‘I just felt the need to,’ says Manitoba doctor traveling overseas to help Ukrainians fleeing war


People considering traveling to Ukraine to offer help could inadvertently do more harm than good if they miss out on the support of an established organization, warns a University of Manitoba professor.

Horrifying images of Ukraine after Russia’s invasion naturally spur Canadians to action, says Paul Larson, who studies humanitarian logistics and is a professor of supply chain management at the University of Manitoba.

“Don’t get me wrong, more help is better than less help, but disorganized help and uninformed help – help that doesn’t really know what’s going on or what to do – it could end up being kind of disaster within a disaster,” he said.

Images of bodies on the ground, including city ​​of Bucha on the outskirts of the capital of kyivsparked global outrage and led to calls for tougher sanctions and war crimes prosecutions against Russia.

Last month, a maternity ward in Mariupol was damaged by shelling, killing a pregnant woman and her baby and injuring at least 17.

Larson encourages people who feel inspired to help donate or volunteer with well-established organizations that have undertaken thorough risk assessments, developed a safety plan, and have experience providing humanitarian aid in conflict zones.

Ukrainian women are pictured with humanitarian aid, as the Russian invasion of Ukraine continues in the village of Sloboda on April 5. (Marko Djurica/Reuters)

Well-meaning volunteers who are not tied to these organizations may not be as well equipped to deal with security threats.

Those who show up in “informal business” are in real danger of being caught up in the violence and may end up needing to be rescued themselves, tying up resources, he said.

They could also be seriously injured or killed in the ongoing fighting.

“Unless you know the lay of the land, it’s a bit silly because it may very well not be useful. It could have the opposite effect, and you put yourself and possibly others in danger,” Larson said.

In times of violence, combatants are called upon to respect a buffer zone where humanitarian aid and medical care can be provided.

But that’s no guarantee of security in Ukraine, Larson says, because the zones are not respected by Russian troops.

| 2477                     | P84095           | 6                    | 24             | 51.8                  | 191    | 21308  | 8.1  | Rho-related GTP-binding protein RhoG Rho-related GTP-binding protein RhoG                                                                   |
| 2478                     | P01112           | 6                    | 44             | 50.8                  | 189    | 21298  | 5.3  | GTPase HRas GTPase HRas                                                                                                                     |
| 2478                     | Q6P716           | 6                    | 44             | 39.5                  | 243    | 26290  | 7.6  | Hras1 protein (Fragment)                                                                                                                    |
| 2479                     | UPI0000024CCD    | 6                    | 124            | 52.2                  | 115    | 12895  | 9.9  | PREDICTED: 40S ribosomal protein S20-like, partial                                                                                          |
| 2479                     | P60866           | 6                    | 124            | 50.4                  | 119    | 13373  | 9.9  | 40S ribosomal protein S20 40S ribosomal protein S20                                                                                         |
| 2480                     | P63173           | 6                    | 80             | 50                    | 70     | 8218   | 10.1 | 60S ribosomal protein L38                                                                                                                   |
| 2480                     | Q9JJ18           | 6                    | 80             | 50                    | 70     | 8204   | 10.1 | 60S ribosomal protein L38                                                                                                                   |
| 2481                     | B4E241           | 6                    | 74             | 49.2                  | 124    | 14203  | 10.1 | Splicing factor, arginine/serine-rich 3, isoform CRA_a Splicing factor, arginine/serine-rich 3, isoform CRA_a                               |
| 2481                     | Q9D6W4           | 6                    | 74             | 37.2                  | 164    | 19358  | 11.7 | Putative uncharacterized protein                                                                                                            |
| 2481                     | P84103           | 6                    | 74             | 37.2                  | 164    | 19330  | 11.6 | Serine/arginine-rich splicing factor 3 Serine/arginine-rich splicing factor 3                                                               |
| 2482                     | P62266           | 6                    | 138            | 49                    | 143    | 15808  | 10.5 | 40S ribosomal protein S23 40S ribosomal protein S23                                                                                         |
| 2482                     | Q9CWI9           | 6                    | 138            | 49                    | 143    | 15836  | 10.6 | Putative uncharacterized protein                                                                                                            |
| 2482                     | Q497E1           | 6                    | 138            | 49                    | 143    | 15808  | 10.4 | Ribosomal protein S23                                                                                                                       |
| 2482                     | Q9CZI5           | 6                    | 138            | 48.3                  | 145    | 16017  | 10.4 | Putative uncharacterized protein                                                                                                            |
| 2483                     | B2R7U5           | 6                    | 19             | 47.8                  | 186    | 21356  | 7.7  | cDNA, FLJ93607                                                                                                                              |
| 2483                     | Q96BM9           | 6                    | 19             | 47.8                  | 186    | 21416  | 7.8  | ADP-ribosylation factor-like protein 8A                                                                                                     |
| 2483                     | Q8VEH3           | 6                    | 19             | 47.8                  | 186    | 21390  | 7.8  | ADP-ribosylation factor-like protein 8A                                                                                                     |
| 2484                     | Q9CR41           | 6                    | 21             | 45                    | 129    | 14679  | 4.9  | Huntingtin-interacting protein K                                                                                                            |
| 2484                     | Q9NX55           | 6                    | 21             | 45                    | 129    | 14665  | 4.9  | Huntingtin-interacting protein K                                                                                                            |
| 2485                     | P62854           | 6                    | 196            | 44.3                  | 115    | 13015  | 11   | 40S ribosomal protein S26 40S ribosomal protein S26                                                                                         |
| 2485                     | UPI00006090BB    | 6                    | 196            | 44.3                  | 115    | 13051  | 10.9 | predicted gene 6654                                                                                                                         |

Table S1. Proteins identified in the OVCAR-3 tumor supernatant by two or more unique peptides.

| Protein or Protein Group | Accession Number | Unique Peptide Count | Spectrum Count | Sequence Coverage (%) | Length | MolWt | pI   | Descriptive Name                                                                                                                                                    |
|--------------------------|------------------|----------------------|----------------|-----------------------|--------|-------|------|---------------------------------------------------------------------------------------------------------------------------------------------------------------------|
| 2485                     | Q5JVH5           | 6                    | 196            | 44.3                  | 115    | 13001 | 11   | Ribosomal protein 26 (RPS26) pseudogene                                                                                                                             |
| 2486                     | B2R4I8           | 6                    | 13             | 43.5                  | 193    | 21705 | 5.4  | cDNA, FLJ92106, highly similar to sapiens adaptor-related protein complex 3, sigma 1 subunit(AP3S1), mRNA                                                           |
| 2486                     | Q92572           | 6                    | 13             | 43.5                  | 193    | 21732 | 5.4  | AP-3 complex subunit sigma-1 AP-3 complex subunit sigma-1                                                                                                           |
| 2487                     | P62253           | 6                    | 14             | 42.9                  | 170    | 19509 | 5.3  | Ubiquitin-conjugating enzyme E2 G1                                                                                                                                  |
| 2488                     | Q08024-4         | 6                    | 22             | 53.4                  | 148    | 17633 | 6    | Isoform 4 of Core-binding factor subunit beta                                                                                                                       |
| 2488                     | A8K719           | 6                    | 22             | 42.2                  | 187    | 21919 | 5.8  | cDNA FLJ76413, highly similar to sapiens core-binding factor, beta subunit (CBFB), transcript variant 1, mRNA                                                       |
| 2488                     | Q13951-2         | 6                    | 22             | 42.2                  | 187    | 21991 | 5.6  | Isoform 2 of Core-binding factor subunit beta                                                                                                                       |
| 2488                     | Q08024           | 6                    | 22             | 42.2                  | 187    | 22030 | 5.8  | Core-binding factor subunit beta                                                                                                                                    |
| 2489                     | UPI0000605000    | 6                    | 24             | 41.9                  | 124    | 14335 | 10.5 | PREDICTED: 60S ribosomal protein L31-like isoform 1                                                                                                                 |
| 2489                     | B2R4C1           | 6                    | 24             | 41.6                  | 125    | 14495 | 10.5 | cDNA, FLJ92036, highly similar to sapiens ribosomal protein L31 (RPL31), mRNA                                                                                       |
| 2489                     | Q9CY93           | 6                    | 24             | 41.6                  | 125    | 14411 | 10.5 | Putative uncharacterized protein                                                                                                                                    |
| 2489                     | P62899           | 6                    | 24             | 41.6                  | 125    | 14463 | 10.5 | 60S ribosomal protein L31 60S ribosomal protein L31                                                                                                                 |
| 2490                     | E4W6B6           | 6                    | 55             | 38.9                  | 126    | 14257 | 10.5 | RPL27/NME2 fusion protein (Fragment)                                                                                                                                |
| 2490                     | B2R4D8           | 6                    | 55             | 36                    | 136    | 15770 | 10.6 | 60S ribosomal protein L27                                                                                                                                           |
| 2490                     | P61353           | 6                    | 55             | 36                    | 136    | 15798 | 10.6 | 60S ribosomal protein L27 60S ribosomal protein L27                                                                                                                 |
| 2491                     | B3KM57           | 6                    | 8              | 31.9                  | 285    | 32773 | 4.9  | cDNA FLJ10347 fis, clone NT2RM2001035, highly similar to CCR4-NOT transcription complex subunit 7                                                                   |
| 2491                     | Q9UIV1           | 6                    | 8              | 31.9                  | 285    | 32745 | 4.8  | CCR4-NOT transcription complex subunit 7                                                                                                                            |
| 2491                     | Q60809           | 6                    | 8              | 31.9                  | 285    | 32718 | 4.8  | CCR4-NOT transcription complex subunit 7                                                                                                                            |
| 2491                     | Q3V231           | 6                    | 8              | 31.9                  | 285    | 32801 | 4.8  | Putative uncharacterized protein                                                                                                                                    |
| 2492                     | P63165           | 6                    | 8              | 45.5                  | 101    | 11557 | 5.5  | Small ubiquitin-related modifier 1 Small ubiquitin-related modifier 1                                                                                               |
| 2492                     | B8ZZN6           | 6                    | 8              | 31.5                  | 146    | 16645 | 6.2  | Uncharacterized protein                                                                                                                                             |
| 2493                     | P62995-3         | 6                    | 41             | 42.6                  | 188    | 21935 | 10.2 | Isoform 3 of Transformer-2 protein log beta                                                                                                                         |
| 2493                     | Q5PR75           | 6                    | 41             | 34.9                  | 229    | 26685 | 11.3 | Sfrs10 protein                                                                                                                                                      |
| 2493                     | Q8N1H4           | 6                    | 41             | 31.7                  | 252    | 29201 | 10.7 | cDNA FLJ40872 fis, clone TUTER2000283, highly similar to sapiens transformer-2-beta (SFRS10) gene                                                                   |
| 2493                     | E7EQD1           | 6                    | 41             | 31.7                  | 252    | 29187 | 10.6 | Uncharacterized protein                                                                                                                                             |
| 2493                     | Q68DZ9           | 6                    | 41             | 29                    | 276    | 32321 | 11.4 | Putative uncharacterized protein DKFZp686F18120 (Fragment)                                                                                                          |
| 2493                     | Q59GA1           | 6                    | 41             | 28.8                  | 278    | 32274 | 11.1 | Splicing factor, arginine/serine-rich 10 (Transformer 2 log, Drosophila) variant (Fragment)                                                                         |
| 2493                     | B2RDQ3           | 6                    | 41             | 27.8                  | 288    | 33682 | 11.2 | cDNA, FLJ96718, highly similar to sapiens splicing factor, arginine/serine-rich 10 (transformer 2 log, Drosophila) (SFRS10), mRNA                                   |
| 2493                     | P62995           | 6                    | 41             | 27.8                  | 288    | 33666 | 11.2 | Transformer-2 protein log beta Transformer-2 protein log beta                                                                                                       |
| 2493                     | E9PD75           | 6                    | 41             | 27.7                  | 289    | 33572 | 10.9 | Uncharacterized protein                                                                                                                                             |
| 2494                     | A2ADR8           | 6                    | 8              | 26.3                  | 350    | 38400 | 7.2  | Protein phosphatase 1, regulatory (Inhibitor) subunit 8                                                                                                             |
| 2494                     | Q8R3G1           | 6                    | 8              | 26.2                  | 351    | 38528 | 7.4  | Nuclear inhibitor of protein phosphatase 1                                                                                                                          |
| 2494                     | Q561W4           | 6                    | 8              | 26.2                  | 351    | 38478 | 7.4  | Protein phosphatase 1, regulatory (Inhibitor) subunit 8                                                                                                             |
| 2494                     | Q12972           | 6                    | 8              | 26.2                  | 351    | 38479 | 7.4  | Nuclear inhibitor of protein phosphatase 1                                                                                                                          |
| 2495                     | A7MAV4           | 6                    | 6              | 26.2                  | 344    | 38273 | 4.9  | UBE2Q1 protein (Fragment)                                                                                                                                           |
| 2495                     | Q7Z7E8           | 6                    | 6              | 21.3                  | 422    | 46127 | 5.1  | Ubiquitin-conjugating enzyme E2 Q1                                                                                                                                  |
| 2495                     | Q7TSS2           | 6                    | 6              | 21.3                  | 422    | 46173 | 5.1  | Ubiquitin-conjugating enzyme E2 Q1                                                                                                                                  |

“We will do what we can”

In the weeks since the start of the Russian invasion, Ukraine says hundreds of people have come to help, including former soldiers.

Among those who felt pressured to help was a group from Manitoba who left for the front line on Tuesday.

Chad McFarland and Pedro Bédard left for Poland to buy an ambulance on Tuesday April 5. They plan to use it to deliver supplies to Lviv, Ukraine, and transport people out of the country. (Alana Cole/CBC)

Pedro Bédard – a firefighter from St. François Xavier who has advanced first aid training – has left Winnipeg and is heading to Poland, where he and a small group intend to buy an ambulance to transport supplies and Ukrainians .

“You see things on the news and you say, ‘That’s not right. It’s not good. These people need help. They are getting help, don’t get me wrong, but they need more,” he said.

He takes five weeks of unpaid leave to help out.

“I just felt the need to,” he said.

The group plans to work from the western Ukrainian city of Lviv, which Bedard said is relatively safe, having been bombed once in the 41 days since the war began.

“Something could happen, but you’re going to let that worry you. You might as well worry about slipping and falling on the ice,” he said.

A resident searches for personal belongings in a building destroyed during fighting between Ukrainian and Russian forces in Borodyanka, Ukraine, Tuesday, April 5. (Vadim Ghirda/Associated Press)

Chad McFarland of Tyndall, Man., accompanies Bedard to do what he can for the Ukrainian people.

“I would be lying if I said I wasn’t nervous. I mean, it’s a war zone. There’s every chance things will go wrong. I mean, just be in the wrong place at the wrong time “, did he declare.

“We will do what we can. And that’s all we can do.”

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